In reviewing the state of modern architecture in Louisville in Part 1, we examined the challenge and opportunity of the city amid its growing pains. The question we must now ask is, how can we bring back the 19th-century mindset when it comes to urban design?
How do we start to encourage developers to start creating higher quality designs for new hotels, residences and apartment buildings? A lot of the conversation centered on the answer to this question focuses on the creation and enforcement of design standards in Louisville’s Zoning Ordinance.
Stanley Collyer, a journalist and editor of an architectural publication called Competitions, suggests that are some basic elements that could improve the appearance of modern buildings: variety in color and material, creating interesting details around windows or along cornice lines.
Examining how local zoning regulations can be modified to promote such design elements can certainly be a valuable part of the equation, which in theory should ensure some kind of minimum quality in the design of urban buildings.
However, in practice Metro Louisville consistently struggles with sticking to its proverbial guns; projects like the West End Walmart show that, when the economic value of a proposed development is deemed to be big enough, design standards of any kind suddenly become an obstacle to be cleared away.
If Louisville truly wants to build a high-quality urban environment in and around downtown, it has to develop a culture of consistently enforcing the zoning standards created specifically to do just that. We as a city have to stop being afraid to say “no” to a project, no matter how economically valuable, that is proposing a substandard design.
But Louisville should not just be relying on sticks to encourage better urban design; it should be offering carrots as well. The main driver of simple, bland designs is cost; therefore, efforts should be made to reduce the cost of building in Louisville as much as possible.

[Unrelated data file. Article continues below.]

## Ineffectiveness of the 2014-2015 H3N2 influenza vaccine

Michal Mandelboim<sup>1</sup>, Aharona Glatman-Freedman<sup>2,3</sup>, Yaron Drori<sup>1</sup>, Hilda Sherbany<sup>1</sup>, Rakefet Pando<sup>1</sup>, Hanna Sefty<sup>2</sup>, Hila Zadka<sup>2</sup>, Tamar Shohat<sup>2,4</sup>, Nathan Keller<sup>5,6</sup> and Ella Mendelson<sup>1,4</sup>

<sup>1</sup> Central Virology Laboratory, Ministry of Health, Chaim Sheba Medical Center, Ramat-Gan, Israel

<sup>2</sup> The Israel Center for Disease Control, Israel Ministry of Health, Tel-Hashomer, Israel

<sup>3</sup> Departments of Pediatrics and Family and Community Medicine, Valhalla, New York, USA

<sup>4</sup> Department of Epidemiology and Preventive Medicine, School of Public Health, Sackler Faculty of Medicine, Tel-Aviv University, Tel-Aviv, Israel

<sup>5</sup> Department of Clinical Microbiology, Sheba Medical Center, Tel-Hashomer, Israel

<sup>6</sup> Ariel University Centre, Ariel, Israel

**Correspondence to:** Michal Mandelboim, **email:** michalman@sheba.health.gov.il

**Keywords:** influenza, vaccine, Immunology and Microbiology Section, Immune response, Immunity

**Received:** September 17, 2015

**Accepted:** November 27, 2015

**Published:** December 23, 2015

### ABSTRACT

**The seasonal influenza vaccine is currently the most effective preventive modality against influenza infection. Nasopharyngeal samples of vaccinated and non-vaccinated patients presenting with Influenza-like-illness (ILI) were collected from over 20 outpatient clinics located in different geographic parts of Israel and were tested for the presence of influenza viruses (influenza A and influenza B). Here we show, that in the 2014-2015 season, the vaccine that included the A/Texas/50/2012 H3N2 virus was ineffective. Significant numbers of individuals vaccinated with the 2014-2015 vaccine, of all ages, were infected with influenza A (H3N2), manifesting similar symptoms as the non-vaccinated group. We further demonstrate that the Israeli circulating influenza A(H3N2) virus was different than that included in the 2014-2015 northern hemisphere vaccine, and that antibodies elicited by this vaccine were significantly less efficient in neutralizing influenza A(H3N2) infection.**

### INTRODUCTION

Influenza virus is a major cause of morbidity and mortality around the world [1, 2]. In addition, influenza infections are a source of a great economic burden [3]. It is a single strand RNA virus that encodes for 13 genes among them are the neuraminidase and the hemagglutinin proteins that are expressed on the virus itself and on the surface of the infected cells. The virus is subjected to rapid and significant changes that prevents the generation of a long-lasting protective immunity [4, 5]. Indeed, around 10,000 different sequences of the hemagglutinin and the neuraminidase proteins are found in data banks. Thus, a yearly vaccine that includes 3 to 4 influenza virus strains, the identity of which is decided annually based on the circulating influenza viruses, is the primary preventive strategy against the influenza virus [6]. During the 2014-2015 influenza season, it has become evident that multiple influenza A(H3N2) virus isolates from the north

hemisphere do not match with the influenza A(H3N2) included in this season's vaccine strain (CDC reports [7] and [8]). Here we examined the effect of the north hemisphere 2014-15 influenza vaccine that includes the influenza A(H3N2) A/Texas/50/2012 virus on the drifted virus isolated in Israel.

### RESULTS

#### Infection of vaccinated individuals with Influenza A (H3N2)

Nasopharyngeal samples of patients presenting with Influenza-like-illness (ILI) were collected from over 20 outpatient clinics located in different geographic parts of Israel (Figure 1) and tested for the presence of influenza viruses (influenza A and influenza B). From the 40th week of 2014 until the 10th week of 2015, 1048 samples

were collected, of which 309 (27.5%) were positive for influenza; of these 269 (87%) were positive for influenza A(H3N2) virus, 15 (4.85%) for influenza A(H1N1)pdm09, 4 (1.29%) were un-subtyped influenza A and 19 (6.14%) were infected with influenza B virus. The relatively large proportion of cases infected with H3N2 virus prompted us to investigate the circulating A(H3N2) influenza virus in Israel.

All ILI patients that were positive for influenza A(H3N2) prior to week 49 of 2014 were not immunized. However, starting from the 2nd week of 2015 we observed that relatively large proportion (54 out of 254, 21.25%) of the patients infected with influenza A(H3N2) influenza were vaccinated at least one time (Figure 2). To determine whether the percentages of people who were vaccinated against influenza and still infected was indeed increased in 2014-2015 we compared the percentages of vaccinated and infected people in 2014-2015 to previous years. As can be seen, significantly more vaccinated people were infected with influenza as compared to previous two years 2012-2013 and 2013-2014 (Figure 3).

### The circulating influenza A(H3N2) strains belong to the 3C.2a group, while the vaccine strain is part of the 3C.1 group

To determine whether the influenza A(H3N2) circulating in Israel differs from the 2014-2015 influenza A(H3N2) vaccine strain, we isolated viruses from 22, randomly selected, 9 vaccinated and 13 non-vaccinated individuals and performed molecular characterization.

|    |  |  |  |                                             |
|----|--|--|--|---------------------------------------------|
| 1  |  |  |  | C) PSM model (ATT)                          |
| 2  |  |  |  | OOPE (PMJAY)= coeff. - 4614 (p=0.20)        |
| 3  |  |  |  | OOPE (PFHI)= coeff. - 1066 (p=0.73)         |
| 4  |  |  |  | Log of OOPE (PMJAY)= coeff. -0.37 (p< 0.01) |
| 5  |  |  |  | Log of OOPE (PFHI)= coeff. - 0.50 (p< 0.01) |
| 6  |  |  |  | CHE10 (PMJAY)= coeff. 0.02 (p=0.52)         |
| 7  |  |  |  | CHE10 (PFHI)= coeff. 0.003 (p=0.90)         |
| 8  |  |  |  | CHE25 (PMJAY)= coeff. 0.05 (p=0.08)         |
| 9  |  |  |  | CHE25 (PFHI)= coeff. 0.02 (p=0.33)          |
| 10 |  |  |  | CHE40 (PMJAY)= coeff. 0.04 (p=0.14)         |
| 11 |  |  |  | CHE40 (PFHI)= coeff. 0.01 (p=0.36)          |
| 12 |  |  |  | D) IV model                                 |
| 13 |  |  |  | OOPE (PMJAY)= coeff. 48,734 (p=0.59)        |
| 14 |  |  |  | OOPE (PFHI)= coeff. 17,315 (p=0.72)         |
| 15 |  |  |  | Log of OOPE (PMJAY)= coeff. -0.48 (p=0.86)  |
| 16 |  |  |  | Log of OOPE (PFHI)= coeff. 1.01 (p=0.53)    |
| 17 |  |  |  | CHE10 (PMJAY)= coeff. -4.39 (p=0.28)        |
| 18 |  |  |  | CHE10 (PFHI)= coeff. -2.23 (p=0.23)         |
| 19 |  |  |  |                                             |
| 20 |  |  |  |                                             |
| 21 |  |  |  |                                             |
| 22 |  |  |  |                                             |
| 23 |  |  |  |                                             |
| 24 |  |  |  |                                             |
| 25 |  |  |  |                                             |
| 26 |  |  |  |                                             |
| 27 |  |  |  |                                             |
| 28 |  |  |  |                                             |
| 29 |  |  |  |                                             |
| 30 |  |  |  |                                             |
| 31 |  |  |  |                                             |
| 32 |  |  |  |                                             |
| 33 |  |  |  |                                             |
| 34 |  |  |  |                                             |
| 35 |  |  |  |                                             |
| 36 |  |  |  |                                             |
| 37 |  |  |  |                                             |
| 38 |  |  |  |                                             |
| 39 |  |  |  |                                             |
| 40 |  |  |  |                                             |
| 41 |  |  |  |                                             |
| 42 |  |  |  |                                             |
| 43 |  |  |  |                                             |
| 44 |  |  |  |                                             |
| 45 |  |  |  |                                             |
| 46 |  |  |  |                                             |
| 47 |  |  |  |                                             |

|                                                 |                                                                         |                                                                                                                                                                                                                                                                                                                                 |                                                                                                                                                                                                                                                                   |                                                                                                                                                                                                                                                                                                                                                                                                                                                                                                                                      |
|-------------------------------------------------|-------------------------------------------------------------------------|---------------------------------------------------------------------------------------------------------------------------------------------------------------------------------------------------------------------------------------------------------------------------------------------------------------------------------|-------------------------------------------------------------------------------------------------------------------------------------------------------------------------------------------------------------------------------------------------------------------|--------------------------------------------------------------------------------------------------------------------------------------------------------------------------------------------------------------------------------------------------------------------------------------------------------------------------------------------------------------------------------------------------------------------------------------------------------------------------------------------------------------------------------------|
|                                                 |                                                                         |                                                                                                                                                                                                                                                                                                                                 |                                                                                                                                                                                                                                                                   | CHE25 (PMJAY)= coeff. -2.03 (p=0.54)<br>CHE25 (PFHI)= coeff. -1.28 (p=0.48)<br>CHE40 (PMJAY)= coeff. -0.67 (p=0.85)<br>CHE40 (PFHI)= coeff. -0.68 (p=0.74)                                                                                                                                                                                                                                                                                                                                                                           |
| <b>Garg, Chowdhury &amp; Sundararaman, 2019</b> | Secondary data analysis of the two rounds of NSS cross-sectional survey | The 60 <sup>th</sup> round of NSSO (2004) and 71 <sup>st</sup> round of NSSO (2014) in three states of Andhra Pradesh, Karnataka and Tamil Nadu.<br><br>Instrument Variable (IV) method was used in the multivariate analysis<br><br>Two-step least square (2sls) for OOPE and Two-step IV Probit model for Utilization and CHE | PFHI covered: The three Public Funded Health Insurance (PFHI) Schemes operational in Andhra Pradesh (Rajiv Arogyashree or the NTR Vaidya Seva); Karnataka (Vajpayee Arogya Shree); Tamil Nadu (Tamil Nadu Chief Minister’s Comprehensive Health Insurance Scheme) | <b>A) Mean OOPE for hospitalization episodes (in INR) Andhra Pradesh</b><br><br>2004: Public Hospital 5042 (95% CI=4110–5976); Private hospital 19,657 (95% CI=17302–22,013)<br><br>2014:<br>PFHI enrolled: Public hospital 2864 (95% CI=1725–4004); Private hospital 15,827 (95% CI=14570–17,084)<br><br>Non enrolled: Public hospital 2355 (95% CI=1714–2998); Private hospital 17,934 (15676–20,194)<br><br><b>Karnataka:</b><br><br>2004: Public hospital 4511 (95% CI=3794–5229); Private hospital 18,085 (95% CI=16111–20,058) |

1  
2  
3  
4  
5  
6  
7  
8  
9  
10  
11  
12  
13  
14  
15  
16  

One method is examining zoning standards that require expensive elements to be included in a project and determining if any should be eliminated. A perfect example of this is minimum parking requirements; parking spaces can be extremely expensive to build, costing anywhere from $5,000 per space for surface lots to as much as $35,000 per space for underground facilities.
As a result, forcing a developer to build them (especially in dense urban areas, where land is scarce and alternative transportation options are plentiful) can add a substantial premium to a project’s final price tag. Building and fire codes can also be a source of unnecessary construction costs if they require expensive materials to be used in new buildings.
Until 2016, the Kentucky Plumbing Code required the use of cast iron pipes in buildings over 45 feet in height
Finally, another source of higher construction costs can be development and permit fees; one study of seven California cities found that fees represented 6 percent to 18 percent of the final listing price of an average home. Louisville should comprehensively examine fees charged to local developers and determine if there is any room for lowering them.
None of these are a direct incentive for better building design but, crucially, lowering construction costs would free up precious room in a project’s budget. Developers could spend this newly freed cash on a more unique or elaborate design for their project and would certainly be less incentivized to seek variances or exceptions from Metro design standards.